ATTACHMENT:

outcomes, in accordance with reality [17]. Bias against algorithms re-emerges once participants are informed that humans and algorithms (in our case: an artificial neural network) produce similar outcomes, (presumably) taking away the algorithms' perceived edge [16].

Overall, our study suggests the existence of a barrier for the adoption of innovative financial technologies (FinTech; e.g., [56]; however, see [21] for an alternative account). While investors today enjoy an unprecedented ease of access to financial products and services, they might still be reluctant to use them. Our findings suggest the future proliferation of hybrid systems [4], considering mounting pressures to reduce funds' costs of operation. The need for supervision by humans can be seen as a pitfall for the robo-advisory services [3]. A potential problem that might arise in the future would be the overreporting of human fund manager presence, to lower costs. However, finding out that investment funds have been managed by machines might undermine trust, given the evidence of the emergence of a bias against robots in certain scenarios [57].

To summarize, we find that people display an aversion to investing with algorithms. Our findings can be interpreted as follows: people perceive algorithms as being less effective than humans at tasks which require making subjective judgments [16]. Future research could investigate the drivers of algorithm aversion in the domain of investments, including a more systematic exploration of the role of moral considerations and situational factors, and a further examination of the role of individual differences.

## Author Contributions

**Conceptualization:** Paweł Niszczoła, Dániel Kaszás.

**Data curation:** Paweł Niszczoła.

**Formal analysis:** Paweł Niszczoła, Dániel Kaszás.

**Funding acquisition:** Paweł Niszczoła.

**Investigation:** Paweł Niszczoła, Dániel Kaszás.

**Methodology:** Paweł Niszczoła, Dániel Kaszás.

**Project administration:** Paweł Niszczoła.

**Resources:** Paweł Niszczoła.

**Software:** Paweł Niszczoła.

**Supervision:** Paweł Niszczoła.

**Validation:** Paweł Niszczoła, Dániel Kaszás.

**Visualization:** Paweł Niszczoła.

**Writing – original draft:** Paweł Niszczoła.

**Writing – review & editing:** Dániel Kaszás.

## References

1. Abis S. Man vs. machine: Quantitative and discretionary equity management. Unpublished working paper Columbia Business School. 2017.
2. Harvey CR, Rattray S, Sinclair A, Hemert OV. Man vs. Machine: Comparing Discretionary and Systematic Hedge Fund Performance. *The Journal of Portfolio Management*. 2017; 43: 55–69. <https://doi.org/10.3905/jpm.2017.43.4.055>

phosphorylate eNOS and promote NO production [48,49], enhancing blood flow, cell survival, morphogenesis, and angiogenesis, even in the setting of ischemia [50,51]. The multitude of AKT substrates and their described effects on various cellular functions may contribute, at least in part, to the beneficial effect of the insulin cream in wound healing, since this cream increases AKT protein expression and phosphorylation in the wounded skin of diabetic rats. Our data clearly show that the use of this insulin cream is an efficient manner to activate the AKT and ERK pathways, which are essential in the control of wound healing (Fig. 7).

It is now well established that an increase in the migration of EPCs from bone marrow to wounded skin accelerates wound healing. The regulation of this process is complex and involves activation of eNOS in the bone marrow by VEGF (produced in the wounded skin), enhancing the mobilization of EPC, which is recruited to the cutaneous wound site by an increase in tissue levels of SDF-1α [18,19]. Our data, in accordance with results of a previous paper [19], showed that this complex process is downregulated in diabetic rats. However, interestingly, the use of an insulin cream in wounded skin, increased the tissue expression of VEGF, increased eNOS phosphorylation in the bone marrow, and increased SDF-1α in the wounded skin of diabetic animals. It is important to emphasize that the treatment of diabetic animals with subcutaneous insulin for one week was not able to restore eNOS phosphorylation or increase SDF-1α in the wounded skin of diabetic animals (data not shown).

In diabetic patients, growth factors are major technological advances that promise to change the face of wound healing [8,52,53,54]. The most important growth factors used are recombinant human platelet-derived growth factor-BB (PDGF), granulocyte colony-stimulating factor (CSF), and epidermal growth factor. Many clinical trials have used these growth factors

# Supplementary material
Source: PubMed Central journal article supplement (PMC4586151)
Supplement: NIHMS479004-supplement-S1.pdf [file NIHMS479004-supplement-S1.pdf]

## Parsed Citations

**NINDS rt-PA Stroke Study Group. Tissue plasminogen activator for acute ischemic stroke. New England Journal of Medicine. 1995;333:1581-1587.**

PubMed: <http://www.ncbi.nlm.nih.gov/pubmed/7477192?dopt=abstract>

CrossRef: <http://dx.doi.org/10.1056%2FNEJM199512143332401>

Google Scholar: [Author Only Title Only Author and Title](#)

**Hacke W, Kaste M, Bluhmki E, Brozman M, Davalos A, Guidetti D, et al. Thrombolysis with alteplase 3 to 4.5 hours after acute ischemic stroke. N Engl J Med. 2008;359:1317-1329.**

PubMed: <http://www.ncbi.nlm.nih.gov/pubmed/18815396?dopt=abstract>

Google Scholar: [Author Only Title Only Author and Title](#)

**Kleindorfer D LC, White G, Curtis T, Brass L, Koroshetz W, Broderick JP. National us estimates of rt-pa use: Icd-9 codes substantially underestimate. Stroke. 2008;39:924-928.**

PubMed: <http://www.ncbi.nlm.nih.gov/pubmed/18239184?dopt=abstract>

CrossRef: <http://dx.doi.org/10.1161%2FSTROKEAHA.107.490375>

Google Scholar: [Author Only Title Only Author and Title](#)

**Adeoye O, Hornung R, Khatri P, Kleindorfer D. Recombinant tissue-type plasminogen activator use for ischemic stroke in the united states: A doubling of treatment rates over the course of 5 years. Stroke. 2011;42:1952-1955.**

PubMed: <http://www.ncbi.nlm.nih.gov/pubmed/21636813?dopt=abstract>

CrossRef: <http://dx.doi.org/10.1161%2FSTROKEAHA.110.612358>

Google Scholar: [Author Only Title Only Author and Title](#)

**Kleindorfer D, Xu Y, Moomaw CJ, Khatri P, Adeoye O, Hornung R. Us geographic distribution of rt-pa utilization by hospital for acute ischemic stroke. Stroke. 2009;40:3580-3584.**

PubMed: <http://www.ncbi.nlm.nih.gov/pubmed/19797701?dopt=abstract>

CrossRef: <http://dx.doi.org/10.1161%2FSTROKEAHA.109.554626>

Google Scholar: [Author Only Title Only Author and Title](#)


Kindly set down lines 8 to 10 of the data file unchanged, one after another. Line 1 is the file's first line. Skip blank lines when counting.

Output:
**Funding acquisition:** Paweł Niszczoła.

**Investigation:** Paweł Niszczoła, Dániel Kaszás.

**Methodology:** Paweł Niszczoła, Dániel Kaszás.